• • Police inspector James Bolan was called as a witness for the prosecution in West Side Special Sessions Court. "He produced a sheaf of yellow paper, adjusted his eyeglasses and read in a solemn tone that suggested a church service," went one newspaper account of the courtroom's activities published on 16 February 1927. "The inspector's lean, grave face ministered to the effect."
• • At the beginning of her trial, Mae West was still shuttling back and forth from Jefferson Market Court on Sixth Avenue in the daytime to Daly's 63rd Street Theatre in the evening to perform onstage in "Sex" — — eight times a week — — as usual. But there was nothing "usual" about this.
• • "Playing the publicity angle for all it was worth, the producers and the cast of 'Sex' applied for, and were granted, a jury trial instead of a trial before three judges in Special Session," wrote Emily Wortis Leider in Becoming Mae West. "In early March (1927) the grand jury returned an indictment against the management and part of the cast. Mae West and the other indicted cast members entered their plea: Not guilty."
• • "Courting Mae West" is a stage play that dramatizes these events. Interested?
• • On Saturday, 15 February 1936 in Motion Picture Herald • •
• • An article "Klondike Annie" was printed in Motion Picture Herald (page 44) in the issue dated for Saturday, 15 February 1936.
• • On Sunday, 15 February 2009 • •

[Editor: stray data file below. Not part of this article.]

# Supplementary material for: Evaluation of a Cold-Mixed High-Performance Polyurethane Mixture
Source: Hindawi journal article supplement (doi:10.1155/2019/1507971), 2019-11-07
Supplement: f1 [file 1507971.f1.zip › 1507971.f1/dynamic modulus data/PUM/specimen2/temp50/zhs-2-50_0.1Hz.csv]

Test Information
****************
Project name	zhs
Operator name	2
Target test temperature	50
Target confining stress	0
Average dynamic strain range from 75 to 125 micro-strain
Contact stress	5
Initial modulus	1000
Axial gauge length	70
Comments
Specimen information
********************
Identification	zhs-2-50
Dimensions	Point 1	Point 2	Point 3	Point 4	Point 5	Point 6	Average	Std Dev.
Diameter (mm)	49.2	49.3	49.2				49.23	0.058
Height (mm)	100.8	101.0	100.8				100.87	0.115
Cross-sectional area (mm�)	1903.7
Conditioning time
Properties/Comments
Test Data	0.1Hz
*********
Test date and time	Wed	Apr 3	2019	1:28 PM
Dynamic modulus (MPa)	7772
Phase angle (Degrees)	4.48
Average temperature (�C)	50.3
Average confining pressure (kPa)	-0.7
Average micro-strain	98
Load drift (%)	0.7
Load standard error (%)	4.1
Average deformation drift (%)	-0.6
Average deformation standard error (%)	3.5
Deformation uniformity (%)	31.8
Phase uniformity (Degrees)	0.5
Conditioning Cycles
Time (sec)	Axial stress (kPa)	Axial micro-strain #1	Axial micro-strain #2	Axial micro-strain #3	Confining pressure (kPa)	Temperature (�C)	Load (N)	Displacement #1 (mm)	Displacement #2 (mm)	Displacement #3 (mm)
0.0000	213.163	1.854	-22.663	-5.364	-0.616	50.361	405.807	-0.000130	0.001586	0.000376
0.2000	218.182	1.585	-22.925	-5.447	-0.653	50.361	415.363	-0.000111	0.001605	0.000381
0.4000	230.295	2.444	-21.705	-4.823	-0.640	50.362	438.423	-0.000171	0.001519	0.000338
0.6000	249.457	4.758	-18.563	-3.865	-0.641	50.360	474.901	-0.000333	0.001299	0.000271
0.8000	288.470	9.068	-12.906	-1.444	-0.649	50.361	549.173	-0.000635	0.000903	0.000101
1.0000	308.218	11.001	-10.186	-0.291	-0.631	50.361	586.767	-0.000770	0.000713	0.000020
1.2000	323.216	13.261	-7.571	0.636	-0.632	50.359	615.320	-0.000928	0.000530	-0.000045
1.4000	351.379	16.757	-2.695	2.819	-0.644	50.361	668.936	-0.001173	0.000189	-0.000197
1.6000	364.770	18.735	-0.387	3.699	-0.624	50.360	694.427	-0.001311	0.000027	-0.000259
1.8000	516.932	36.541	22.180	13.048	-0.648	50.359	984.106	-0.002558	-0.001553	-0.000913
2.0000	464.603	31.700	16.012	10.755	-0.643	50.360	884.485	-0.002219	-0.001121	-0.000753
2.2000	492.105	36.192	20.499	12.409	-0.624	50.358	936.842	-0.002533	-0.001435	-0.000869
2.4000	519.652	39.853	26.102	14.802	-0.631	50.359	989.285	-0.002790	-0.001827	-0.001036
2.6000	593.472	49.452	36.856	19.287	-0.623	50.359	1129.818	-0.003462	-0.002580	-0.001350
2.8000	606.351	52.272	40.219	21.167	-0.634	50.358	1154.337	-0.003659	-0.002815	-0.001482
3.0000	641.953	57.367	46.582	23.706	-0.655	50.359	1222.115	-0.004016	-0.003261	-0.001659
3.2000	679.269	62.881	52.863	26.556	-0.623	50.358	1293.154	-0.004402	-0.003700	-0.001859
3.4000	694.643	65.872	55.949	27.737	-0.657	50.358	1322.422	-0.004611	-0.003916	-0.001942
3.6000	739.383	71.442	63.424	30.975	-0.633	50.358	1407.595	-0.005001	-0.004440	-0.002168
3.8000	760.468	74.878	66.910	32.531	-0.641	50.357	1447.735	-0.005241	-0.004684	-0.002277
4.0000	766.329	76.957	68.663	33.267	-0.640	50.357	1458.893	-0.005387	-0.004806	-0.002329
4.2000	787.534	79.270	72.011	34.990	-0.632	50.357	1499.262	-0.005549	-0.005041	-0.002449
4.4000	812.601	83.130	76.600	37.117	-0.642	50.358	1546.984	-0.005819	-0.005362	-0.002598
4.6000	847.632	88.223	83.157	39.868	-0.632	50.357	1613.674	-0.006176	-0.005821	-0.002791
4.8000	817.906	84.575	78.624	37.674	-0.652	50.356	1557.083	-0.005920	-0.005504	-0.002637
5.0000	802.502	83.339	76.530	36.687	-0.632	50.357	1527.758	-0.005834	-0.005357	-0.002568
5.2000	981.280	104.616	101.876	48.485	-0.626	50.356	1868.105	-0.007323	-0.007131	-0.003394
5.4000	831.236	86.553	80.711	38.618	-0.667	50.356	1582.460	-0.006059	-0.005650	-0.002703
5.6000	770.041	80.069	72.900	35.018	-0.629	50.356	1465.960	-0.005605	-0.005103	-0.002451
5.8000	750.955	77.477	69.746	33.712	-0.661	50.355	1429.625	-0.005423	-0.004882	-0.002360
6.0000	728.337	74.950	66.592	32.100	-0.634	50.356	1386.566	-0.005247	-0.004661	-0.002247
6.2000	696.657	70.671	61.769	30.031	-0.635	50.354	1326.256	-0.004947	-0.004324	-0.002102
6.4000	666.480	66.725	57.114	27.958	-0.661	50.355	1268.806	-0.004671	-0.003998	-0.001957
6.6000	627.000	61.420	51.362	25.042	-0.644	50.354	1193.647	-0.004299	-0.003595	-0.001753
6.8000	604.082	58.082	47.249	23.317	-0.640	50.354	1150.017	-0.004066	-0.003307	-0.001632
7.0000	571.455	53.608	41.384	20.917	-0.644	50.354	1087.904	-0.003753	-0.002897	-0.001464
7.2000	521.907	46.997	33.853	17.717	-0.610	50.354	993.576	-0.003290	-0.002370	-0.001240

• • Book reviewer Tricia Springstubb wrote: The sofa is gilt, covered in eggshell satin, and the extended hand is baby soft, dripping with diamonds. But look out. Those diamonds are "old-cut" and sharp enough to scratch your palm. According to Mae West, that's the best kind, and what better authority than Diamond Lil herself?
• • Book reviewer Tricia Springstubb continued: "She Always Knew How," a biography from Charlotte Chandler, reads like an extended conversation with this witty, provocative, surprisingly sweet woman, and it's hard to imagine better entertainment than the musings of a "girl who climbed the ladder of success, wrong by wrong." . . .
• • Source: Review: "Sexy, sassy and smart, Mae West ruled the screen and her own career" written by Tricia Springstubb for The Cleveland Plain Dealer; published on Sunday, 15 February 2009.
• • Overheard in Hollywood • •
• • Ruby Keeler, spotted on a Boulevard shopping tour, wore one of those naughty black satin Mae West-ish hats.
• • In Her Own Words • •
• • Mae West said: "When women go wrong, men go right after them."
• • Quote, Unquote • •
• • A syndicated columnist mentioned Mae West.
• • "Mae West Still Knows How to Steal the Show" • •
• • Wednesday, Hollywood, Los Angeles — — According to reporter Bob Thomas, this memorable evening was scheduled as a tribute to James Stewart, Mervyn Leroy, and Mae West. Predictably, Miss West stole the show. It was one of those annual banquets of the honorary cinema fraternity at the University of Southern California, and the gathering was a curious mixture of the academic and entertainment worlds. . . .
• • Source: Syndicated column written by Bob Thomas rpt in The Express (Lock Haven, PA) on page 12; published on Wednesday, 14 February 1968
• • The Mae West Blog celebrates its 11th anniversary • •